Though at the moment I'm happily employed, I'm actively seeking short project-based consulting work. Usually this means hourly or daily on-site work, including system and network installation, troubleshooting, configuration, and upgrades. I charge highly competitive rates and stand by my work 100%.
If you're looking for help with something that's here in my wiki, by all means, drop me an e-mail. If it's a quick question, I'll be more than happy to give you whatever help I can via e-mail.
Some of my recent past and upcoming consulting projects have included:
- Migrating a proprietary package from SCO OpenServer to RedHat Linux
- Performing some catch-up administration on a neglected SCO OpenServer box
- Troubleshooting a gateway between external SSH and an internal Telnet-based application
- Linux printer installation and troubleshooting
- PDF form generation and filling (scripted, server-side)
Some of my personal interests of note include:
- Linux system administration, specifically SuSE / openSuSE
- Configuration of monitoring systems such as Nagios, Cacti, Munin, etc.
- System and web programming in PHP, Java, shell, and Python
- Linux-based embedded solutions
- Software for the EMS, Fire, and Public Safety sectors
- Making the best possible use of less-than-optimal hardware
A note on software: As you may notice, I deal mainly with Free/Open Source software (F/OSS). As a personal choice, there are many reasons for this, some of which include the moral implications which are beyond the concern of most businesses. From the business perspective, F/OSS makes sense, and reduces many costly problems.
- Since each user has access to the source code - and the right to modify it - vendor lock-in is effectively eliminated. The ease of moving from one vendor to another is amazing, and if your chosen vendor takes the software in a direction that doesn't fit your needs, there's good likelihood that someone (maybe you?) will "fork" the code into an alternate version that better mirrors your needs.
- There's no worry about ongoing vendor support. If the original developer decides to stop supporting the code, there's good likelihood that someone else will pick up, or that a group of users can pool their resources and hire a programmer to make updates or changes.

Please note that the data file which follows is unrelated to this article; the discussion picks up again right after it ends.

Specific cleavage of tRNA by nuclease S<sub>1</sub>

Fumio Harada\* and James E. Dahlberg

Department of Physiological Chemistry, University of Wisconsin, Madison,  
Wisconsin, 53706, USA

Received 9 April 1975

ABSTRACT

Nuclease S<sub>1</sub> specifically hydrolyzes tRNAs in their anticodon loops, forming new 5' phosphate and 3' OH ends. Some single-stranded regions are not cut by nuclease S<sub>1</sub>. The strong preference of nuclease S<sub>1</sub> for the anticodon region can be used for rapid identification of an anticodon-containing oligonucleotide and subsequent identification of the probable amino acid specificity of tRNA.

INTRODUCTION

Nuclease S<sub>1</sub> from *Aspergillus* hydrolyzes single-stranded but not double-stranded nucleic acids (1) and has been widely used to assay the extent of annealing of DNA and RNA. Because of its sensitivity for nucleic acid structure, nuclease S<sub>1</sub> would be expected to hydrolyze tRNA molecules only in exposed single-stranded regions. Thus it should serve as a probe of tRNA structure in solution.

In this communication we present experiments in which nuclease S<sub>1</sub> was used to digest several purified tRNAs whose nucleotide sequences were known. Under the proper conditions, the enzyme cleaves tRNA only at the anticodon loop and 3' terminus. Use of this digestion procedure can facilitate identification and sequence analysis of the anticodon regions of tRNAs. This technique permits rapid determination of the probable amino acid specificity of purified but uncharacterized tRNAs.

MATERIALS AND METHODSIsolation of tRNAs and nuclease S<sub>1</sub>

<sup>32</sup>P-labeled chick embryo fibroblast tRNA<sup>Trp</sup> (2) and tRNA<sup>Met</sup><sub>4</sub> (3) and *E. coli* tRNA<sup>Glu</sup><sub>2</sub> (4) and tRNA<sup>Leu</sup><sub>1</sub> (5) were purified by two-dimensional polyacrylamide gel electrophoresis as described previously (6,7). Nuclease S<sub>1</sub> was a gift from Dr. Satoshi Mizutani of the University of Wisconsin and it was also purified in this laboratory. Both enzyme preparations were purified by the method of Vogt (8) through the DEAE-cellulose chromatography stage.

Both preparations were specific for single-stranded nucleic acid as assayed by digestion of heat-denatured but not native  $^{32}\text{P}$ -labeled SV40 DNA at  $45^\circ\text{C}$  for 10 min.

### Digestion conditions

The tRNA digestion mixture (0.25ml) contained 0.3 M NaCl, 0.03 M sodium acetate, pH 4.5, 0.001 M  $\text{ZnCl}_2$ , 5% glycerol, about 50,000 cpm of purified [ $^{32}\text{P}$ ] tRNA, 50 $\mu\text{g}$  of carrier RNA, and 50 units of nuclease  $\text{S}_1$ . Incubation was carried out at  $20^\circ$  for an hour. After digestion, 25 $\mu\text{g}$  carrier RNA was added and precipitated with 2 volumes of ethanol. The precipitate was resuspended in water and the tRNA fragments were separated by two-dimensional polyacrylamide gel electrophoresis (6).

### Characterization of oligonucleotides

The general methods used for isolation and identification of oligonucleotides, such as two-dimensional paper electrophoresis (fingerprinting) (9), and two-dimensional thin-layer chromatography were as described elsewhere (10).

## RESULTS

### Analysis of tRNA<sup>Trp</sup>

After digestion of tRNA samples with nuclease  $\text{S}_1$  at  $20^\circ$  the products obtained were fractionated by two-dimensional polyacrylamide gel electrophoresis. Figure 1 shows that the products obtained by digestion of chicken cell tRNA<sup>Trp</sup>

- Transparency: you know what your business depends on. Bugs and security holes aren't hidden, they're there to be found. When discovered, there's good likelihood that they'll be patched quickly (often within a day or two) rather than waiting for the vendor's weekly or monthly patch cycle. More importantly, if something breaks, anyone with knowledge of the appropriate programming language can fix it - not just the vendor.
- You don't need to buy support from the vendor. While it's an option with many packages, you can shop for the best support prices and features from a number of companies that support F/OSS packages, or you can rely on an independent consultant to fix issues as they arise.
- Cost: Many F/OSS packages are available with no cost. While many do offer support for a price, the reduced initial investment allows you to re-focus your budget from licensing fees to paying for support, a consultant to help with installation and configuration, or that long-awaited hardware upgrade; spend your money on making it work, not buying a pile of DVDs.
All of this being said, I'm not a zealot. There are some instances when proprietary (closed-source) software is the best choice for the job. If the benefits of a specific package outweigh the benefits of F/OSS (and it's not financially possible to fund the development of a F/OSS equivalent), then it may be the only logical choice. However, more and more in both my own work and reading what others are doing, I find that companies and institutions are striving to replace proprietary, closed software with its' open equivalent.
A note on what I am not: While I am open to the occasional small programming project, I am not a programmer, and am not looking for programming work outside of what's related to administrative tasks, or what has been mentioned above. I am not a web designer - as is evidenced by this site. I know plenty of excellent designers, and don't claim to be one. When the beauty of an interface is a concern, I work with one of a few designers, so that I can handle on making it work and they can handle making it beautiful. Lastly, I'm a full-time college student and also have a day job. While my schedule is flexible, I simply cannot be available for on-site work 24x7 without prior notice.
Also, if you're interested, you can read a little more About Me.